The Graves’ Disease and Thyroid Foundation has posted informational “Bulletins” on Graves’ disease to our website.
These bulletins cover several areas of concern that are beneficial to patients and family members. The bulletins are in pdf form so they're printable from your home computer. If you have any suggestions on topics you would like information on, send us a message in the Contact Us section of our website.
Graves’ Disease – Hyperthyroidism
R.L. Bucher, M.D.
Hyperthyroidism refers to a condition where too much thyroid hormone is found in the blood. This can be caused by many things. If a person takes thyroid hormone pills inappropriately or in too strong a dose, exogenous hyperthyroidism may result. Sometimes a nodule (usually a small, non-cancerous tumor) within the thyroid gland itself may start “doing its own thing” and produces excess amounts of thyroid hormone. This is called an autonomous nodule. The thyroid gland may develop many nodules and secrete too much hormone – toxic nodular goiter. Rarely, a tumor of the pituitary gland or other tumors may make thyroid stimulating hormone (TSH) which acts on the thyroid to cause excess hormone production.
Perhaps the most common cause of hyperthyroidism is Graves’ disease. This is thought to be an autoimmune disease where the body’s immune system mistakenly produces proteins called antibodies that interfere with normal thyroid gland operations to cause excess hormone production. These abnormal antibodies can also react with proteins in tissues around the eyes to cause swelling with bulging of the eyes, loss of eye muscle control, double vision and, rarely, loss of vision. This eye condition is called exophthalmos. Sometimes antibodies are produced which work against TSH, the pituitary hormone, by stimulating receptors on thyroid cells to produce thyroid hormone. These anti- TSH hormones may also react with tissue cells in the skin over the shin bones causing painful swelling. This unusual event is called pretibial myxedema.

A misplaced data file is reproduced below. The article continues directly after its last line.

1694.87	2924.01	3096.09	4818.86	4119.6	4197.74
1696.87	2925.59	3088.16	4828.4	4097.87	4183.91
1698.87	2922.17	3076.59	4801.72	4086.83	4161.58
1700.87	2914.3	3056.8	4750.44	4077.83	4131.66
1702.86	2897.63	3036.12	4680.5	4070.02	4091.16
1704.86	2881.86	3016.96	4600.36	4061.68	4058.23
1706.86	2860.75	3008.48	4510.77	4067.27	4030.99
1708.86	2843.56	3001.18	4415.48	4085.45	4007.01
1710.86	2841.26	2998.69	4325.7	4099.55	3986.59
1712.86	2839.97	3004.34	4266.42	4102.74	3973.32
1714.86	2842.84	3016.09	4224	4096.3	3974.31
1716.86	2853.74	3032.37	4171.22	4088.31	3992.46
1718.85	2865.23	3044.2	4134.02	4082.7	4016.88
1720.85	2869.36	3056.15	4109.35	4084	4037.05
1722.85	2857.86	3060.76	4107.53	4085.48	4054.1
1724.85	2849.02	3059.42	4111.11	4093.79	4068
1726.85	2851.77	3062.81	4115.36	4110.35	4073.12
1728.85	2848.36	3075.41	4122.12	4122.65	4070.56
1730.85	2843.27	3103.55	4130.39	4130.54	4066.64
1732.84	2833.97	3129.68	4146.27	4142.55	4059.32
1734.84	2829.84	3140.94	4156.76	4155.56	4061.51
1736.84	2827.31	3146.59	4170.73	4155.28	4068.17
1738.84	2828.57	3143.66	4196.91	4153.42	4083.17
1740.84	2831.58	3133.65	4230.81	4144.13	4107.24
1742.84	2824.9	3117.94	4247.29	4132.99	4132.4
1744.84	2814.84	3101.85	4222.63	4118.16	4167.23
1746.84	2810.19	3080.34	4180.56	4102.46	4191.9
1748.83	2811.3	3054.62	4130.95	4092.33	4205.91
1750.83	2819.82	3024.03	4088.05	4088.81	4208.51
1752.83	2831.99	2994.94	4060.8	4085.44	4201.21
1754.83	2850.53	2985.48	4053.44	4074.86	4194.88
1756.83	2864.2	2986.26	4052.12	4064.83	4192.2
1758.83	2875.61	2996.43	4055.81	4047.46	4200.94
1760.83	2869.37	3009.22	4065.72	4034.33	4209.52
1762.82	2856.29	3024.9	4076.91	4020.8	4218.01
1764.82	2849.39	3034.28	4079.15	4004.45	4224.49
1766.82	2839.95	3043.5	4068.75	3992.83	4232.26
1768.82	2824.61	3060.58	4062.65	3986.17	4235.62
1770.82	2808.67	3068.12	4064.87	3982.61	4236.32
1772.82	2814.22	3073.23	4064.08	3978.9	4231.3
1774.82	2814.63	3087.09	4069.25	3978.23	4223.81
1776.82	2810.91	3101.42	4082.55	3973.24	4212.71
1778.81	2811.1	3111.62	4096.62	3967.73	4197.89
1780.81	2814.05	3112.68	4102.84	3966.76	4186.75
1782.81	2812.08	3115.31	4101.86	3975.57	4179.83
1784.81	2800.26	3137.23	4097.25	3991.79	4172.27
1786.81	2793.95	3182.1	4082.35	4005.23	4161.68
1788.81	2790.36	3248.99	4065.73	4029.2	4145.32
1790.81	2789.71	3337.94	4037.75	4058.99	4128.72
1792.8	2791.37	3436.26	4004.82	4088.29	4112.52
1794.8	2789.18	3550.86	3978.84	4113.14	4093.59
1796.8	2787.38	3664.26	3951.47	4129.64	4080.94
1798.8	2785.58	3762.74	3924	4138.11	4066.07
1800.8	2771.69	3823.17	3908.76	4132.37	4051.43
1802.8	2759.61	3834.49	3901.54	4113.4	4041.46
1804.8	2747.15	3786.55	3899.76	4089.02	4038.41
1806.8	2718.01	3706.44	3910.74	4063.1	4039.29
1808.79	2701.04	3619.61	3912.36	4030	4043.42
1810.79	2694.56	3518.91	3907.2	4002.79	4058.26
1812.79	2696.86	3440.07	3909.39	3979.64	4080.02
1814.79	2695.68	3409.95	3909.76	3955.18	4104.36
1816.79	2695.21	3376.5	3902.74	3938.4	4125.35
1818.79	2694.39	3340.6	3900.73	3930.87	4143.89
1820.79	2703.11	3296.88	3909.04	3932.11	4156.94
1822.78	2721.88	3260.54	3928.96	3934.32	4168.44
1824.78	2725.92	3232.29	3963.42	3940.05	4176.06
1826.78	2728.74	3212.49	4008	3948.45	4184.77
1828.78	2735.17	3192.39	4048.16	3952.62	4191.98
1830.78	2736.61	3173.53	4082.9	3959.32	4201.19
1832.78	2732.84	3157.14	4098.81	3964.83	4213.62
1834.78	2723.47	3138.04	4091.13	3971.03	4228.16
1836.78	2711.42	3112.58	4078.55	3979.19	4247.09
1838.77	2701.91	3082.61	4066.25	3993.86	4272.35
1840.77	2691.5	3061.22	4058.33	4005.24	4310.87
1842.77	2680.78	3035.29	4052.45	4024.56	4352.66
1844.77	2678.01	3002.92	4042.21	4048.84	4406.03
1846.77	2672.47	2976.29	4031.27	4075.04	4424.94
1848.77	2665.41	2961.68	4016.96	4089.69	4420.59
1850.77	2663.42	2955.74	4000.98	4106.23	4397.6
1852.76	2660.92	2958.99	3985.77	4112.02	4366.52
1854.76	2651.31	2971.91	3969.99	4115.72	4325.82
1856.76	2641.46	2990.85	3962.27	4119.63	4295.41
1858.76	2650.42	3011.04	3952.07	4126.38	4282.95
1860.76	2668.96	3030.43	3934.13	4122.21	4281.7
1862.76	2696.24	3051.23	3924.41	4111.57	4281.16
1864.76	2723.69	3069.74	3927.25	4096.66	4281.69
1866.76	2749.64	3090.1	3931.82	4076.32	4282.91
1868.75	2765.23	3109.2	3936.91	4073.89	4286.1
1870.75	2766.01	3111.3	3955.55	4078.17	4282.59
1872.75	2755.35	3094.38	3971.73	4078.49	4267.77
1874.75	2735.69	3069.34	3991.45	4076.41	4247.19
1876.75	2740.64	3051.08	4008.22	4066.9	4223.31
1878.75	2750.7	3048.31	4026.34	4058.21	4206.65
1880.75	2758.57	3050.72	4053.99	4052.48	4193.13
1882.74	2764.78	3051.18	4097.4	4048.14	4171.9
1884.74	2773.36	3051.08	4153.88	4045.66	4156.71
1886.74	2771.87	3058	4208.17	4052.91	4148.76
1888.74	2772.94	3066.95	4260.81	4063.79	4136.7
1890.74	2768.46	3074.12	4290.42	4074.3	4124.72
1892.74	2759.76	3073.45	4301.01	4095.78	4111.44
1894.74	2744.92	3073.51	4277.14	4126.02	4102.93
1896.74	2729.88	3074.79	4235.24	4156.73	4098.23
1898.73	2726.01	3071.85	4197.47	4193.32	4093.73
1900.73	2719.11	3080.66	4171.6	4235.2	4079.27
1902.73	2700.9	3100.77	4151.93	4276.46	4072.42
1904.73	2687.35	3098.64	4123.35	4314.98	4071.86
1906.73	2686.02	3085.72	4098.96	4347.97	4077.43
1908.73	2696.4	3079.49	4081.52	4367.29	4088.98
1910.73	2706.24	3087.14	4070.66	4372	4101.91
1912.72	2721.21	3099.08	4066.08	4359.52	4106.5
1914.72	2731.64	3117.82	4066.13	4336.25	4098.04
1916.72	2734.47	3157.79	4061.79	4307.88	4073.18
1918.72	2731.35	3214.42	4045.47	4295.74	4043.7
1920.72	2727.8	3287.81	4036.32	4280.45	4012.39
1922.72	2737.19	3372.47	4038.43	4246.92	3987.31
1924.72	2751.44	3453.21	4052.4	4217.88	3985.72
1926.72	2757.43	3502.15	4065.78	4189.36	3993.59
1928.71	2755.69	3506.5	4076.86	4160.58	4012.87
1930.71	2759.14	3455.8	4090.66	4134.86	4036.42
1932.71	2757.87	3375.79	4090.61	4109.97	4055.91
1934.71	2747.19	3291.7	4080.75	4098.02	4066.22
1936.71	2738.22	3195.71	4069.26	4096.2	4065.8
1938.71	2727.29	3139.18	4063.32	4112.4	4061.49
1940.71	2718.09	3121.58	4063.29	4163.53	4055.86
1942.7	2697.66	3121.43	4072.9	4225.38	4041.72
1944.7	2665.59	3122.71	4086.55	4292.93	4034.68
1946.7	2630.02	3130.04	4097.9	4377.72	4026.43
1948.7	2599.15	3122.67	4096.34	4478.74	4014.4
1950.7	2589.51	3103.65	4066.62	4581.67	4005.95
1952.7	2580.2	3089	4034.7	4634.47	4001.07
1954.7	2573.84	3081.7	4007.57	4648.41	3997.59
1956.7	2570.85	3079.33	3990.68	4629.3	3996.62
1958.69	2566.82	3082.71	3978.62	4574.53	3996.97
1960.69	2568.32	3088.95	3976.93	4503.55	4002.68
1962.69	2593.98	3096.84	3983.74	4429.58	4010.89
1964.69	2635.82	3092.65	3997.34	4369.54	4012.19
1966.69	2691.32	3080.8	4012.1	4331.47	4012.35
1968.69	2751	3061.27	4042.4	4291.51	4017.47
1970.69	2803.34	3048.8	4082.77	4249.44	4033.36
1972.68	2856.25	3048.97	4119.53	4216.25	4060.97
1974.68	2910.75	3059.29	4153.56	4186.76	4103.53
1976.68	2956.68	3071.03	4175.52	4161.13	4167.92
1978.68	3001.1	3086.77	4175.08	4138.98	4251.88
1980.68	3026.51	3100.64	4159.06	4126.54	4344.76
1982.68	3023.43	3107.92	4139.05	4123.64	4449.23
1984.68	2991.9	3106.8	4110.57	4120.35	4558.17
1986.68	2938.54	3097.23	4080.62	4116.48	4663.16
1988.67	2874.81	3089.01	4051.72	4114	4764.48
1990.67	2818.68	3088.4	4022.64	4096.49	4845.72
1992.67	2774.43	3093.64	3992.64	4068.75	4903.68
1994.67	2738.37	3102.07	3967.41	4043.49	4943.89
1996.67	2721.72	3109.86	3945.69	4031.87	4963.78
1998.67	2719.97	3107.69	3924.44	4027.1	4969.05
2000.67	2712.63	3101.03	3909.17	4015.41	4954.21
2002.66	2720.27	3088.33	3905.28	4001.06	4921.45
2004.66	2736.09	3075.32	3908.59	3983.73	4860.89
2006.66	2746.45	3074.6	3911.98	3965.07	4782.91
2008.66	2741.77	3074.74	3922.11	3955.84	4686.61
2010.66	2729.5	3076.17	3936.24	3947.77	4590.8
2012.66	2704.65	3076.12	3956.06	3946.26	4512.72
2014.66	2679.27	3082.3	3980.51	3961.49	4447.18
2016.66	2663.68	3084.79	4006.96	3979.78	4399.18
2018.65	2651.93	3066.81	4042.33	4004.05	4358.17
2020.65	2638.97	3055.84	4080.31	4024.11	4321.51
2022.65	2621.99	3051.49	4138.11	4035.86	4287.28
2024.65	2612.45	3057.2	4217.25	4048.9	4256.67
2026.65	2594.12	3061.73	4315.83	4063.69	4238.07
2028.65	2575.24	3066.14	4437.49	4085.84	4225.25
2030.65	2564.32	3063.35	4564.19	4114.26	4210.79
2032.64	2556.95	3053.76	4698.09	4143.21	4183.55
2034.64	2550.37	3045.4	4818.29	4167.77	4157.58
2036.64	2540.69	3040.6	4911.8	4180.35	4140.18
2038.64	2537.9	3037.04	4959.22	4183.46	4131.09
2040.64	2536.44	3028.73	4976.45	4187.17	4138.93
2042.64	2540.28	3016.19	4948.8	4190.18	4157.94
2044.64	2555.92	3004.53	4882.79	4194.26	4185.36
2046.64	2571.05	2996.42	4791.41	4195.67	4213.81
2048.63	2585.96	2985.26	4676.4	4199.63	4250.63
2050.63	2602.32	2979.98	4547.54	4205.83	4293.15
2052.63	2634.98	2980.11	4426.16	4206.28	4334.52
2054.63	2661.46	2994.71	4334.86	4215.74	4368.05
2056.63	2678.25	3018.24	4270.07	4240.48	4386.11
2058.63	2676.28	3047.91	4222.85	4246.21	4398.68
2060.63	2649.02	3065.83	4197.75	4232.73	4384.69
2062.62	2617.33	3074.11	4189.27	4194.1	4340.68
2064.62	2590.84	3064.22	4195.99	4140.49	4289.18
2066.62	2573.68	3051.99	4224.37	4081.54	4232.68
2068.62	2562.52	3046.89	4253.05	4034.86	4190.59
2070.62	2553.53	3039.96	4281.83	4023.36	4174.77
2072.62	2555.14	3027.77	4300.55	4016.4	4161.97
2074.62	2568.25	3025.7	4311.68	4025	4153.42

Exophthalmos and pretibial myxedema do not occur in everyone who develops Graves’ disease, but other symptoms and signs that are the direct result of elevated levels of thyroid hormone itself are fairly common. These include nervousness, tremor, weight loss, heat intolerance, rapid heart rate, insomnia, irritability, muscle weakness and irregular menstrual periods. Younger people tend to have more of these symptoms than those who are older.
Treatment of Graves’ disease remains a problem. Medications are available to ease some of the symptoms caused by excess thyroid hormone. Other medications can stop the thyroid from producing hormone, but these can cause side effects and must be taken for at least 18 months, with U.S. remission rates currently at 20-30%. Surgery to remove most of the thyroid is effective but expensive, and like all surgical procedures, comes with certain risks. Radioactive iodine is a less expensive alternative to surgery.
Recently, it has been shown that taking cortisone with radioactive iodine may prevent the development of exophthalmos in some patients. Surgical techniques are available for treatment of severe cases of exophthalmos.
Used with permission of the author: R.L. Bucher, M.D., Chief, Endocrinology, St. Croix Hospital, U.S. Virgin Islands